When the votes were counted and the results were in, Michael Dell used Twitter to announce that Dell was becoming a private company. The platform he used to make the announcement spoke volumes: as a private company we are just as committed to communicating through social media as ever.
Professor Rohit Deshpande and Michael Norris do an excellent job of reviewing Dell’s social culture in their newly released Harvard Business School case study. The case outlines our strategy to embed social media into everything we do from customer experience and communications to marketing and sales. They cover the importance of measuring and reporting results in social media. And in my personal favorite section of the study, they report on Dell’s Social Media and Community University (SMaC U), a global training and activation program that I manage. Not only are we proud to be profiled by such an incredible institution but it also gives me a great opportunity to share where we are in our social media journey today.
A lot has changed since 2006 when this blog started. We have 11,000 team members who are certified to speak to our customers in social through our SMaC U training. Our executives have seen great results and aren’t asking about the value of social media anymore. We have more insights than ever. Our tools and capabilities have grown so we can monitor and report on posts in more than 20 languages. We use our knowledge and experience to sell social media services. But one thing that hasn’t changed is why we use social media to begin with.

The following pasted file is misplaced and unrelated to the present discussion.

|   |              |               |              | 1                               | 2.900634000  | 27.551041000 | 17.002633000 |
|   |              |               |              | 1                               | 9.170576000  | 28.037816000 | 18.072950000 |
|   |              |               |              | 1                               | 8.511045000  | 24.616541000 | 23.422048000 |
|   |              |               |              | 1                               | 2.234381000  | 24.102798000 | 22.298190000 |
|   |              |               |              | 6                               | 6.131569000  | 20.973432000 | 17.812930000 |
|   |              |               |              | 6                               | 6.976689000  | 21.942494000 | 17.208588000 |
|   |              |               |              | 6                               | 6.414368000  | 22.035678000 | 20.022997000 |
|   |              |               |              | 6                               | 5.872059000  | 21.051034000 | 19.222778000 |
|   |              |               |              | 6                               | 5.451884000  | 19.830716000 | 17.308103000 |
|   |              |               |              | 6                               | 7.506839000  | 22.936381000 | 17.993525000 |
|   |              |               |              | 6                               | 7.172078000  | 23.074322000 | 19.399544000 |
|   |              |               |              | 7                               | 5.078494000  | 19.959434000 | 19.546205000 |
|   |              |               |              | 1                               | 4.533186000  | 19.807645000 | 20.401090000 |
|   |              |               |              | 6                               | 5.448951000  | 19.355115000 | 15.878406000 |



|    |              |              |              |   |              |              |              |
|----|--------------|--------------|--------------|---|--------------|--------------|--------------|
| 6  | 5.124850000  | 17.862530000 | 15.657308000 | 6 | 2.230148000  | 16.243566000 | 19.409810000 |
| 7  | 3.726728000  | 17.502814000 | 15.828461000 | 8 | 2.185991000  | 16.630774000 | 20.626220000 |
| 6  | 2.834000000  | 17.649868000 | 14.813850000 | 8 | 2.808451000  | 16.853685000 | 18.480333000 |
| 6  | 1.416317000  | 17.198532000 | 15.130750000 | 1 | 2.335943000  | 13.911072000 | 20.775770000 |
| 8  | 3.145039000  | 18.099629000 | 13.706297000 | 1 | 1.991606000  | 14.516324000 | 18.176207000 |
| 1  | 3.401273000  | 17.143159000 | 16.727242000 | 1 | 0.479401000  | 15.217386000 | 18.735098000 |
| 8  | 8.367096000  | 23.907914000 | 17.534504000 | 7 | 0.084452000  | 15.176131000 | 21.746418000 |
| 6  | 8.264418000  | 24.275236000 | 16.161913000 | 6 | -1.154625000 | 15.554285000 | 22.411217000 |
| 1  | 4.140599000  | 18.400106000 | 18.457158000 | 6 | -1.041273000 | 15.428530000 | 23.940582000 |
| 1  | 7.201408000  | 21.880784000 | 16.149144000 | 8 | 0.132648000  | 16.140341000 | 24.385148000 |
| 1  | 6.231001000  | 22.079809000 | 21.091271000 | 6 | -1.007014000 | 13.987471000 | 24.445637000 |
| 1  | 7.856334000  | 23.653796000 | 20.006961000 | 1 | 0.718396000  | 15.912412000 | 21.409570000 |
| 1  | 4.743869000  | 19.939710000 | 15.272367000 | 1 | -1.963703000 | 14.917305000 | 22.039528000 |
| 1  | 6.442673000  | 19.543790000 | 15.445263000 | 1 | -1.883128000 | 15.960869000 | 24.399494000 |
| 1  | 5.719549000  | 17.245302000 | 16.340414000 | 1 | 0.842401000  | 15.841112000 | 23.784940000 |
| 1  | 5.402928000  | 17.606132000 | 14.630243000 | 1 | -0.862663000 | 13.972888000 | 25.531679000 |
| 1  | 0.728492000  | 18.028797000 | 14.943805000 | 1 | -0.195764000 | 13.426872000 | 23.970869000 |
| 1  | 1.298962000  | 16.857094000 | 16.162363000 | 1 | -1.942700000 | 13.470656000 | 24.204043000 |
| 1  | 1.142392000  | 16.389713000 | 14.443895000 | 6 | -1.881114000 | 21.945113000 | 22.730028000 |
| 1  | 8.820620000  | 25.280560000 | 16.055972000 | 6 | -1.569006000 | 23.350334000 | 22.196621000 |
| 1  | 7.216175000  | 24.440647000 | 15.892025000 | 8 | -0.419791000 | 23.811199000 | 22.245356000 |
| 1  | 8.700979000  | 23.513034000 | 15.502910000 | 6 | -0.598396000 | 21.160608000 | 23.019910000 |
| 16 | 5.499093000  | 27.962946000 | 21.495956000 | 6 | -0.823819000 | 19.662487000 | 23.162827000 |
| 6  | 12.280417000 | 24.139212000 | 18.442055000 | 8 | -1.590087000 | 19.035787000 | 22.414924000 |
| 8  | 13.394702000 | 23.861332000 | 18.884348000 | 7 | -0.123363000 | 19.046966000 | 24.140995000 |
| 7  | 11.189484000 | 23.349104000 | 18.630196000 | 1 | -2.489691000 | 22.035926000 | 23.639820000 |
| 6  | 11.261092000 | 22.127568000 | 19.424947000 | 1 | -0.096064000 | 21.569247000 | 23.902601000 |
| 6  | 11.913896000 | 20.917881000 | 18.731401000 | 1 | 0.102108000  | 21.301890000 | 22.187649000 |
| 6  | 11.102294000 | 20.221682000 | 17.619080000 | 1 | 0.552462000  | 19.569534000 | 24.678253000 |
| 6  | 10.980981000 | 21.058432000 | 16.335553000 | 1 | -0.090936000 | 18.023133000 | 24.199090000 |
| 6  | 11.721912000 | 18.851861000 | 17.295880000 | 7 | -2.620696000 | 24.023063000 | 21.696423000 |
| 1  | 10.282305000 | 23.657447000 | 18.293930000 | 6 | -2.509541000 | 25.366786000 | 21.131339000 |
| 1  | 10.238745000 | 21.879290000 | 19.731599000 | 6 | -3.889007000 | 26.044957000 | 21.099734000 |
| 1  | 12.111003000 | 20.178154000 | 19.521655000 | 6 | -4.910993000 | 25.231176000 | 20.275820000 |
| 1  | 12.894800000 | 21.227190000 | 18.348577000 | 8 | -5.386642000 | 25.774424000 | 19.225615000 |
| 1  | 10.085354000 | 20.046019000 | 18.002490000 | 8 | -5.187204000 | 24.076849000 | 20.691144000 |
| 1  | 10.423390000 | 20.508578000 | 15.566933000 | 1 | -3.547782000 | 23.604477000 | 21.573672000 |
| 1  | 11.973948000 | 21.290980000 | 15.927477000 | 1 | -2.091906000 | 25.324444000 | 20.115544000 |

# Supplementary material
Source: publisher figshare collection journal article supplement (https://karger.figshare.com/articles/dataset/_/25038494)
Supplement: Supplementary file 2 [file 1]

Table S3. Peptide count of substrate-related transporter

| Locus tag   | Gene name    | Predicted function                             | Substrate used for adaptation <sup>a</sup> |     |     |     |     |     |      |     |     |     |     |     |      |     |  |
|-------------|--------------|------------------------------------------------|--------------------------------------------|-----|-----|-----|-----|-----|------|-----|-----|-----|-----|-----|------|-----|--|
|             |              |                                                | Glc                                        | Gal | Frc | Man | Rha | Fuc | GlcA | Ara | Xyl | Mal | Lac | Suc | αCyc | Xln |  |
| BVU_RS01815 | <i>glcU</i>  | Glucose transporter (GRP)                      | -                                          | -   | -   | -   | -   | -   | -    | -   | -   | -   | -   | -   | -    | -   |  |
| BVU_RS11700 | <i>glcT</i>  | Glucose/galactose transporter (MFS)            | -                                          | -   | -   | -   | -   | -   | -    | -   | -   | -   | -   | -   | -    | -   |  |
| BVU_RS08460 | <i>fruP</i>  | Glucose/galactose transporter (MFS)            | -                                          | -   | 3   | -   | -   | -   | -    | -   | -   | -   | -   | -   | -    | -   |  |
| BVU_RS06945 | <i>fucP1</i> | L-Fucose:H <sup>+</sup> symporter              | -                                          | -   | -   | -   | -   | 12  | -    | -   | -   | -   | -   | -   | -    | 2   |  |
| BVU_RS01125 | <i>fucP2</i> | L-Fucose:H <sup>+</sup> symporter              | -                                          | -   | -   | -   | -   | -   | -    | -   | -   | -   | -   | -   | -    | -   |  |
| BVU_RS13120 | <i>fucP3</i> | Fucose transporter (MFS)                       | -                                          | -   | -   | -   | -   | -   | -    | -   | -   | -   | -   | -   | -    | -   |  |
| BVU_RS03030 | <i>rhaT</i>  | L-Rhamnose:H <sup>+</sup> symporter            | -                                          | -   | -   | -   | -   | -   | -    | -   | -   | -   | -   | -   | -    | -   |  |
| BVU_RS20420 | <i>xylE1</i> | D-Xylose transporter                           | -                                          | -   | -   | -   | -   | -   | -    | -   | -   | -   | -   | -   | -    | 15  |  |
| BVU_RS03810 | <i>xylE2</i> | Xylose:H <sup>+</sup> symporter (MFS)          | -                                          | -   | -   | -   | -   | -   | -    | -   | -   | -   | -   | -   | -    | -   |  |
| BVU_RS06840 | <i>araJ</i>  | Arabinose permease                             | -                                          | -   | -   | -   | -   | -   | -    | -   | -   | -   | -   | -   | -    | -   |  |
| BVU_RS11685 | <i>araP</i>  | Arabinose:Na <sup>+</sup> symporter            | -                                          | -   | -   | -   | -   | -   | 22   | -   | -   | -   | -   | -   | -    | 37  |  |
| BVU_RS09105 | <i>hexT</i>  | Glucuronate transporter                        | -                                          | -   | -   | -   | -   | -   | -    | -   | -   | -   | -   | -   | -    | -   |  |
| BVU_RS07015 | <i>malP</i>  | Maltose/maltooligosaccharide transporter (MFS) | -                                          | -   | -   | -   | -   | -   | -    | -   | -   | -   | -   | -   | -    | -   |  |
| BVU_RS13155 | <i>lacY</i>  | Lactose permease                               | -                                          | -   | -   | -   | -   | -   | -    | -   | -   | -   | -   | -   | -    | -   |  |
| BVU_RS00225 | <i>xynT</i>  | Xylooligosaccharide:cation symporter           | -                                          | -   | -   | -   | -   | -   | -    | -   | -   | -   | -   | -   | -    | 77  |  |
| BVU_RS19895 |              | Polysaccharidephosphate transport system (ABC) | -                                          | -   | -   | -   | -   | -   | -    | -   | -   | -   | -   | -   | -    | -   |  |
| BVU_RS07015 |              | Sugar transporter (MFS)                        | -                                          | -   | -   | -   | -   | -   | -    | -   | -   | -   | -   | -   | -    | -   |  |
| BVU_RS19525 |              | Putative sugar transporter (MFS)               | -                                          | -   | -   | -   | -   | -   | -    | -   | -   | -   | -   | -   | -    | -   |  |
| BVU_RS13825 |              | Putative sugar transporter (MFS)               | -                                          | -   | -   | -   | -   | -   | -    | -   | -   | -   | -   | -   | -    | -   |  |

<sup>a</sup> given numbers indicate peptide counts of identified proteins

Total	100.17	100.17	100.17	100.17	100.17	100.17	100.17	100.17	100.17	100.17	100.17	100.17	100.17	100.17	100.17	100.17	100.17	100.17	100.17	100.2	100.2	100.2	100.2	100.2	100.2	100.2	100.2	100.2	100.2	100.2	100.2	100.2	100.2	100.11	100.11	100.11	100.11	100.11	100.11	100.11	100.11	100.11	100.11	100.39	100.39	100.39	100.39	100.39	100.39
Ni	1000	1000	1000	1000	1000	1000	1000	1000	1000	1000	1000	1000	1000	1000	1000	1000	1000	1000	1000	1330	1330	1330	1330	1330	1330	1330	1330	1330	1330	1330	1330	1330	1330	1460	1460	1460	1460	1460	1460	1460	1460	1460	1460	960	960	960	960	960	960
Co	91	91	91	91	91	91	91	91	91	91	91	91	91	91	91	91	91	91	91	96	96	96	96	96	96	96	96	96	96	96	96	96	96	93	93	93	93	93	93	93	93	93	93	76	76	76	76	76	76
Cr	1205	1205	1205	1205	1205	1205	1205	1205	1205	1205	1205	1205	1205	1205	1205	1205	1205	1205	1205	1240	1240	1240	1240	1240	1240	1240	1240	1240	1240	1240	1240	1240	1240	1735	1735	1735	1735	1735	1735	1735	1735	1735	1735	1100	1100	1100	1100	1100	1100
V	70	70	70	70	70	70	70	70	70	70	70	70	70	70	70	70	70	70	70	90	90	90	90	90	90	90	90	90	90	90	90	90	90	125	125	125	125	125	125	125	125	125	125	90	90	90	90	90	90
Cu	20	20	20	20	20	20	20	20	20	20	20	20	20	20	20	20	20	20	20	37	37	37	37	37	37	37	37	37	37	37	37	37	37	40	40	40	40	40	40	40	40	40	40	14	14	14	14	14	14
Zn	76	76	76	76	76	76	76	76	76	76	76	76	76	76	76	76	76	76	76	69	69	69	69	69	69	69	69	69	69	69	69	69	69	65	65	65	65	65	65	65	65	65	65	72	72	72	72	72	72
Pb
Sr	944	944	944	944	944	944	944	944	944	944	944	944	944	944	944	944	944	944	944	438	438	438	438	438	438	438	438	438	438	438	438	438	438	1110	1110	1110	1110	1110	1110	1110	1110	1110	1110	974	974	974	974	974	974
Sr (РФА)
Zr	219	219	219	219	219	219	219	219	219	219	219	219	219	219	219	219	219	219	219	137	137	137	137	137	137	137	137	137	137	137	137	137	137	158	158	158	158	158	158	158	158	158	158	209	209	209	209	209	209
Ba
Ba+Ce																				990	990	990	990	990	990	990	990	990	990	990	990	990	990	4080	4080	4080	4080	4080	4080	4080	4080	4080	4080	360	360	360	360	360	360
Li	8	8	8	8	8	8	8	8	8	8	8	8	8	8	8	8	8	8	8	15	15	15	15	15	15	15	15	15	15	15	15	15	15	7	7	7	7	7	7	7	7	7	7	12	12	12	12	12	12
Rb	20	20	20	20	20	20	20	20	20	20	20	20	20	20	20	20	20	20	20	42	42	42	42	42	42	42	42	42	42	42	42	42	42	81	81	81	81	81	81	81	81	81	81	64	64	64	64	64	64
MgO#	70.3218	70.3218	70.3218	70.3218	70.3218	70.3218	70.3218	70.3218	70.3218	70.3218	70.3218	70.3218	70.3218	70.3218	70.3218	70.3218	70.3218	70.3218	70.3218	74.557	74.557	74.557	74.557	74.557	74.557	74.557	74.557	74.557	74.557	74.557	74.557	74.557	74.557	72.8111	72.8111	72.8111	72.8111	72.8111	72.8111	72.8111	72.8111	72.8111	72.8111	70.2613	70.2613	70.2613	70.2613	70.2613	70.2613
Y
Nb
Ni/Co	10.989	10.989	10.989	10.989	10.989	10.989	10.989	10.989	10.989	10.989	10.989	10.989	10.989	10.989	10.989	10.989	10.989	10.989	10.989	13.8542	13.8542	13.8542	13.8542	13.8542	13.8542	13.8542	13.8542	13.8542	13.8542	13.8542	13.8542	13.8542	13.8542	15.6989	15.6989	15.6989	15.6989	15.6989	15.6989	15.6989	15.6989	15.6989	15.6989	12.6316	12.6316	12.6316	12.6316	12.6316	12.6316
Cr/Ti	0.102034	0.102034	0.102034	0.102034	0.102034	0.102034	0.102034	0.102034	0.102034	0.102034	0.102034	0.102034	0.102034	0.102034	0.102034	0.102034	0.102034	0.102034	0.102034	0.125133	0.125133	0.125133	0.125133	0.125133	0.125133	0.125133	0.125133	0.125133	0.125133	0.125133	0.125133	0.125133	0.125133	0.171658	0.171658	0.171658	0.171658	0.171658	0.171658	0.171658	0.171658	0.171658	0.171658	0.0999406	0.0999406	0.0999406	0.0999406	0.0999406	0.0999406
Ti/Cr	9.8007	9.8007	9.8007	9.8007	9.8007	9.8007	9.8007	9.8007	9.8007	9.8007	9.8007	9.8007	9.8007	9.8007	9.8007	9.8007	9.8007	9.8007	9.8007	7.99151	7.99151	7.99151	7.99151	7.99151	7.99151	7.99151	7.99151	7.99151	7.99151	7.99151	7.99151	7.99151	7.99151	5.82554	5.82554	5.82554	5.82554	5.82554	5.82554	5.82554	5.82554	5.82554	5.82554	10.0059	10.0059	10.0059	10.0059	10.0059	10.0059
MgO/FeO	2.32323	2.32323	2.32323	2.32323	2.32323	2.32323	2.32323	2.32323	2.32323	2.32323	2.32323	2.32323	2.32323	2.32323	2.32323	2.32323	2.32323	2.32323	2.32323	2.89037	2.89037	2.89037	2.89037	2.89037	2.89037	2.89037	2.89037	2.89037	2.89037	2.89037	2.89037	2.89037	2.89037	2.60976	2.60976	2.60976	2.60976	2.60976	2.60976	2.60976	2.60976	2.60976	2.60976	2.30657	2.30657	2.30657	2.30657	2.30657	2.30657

For us, it’s personal. We have amazing team member advocates who help share our message and build relationships with customers through social media. Activating our passionate team members in social media will set us apart.
Moving forward, we will continue to use social media to build relationships with our customers. As experienced users of social media, we’ll remember that it isn’t just about having a lot of data or insights. We know you can’t rush through and check boxes if you want to use social in a meaningful way. We encourage our team members to understand who they are communicating with so they can give our customers what they need, when they need it, on the platform where our customers already are. Our training has evolved and we focus on team member activation more than ever. To grow as a brand we have to spend time creating good content, building trust through authentic engagement, and personalizing our interactions.
Social will certainly be a factor for our brand as we move forward. But our secret weapon lies within our passionate team member advocates. What do you think about the HBS case study? Do you think social engagement will help Dell as a private company?
Follow @Dell and @HarvardHBS on Twitter for more.
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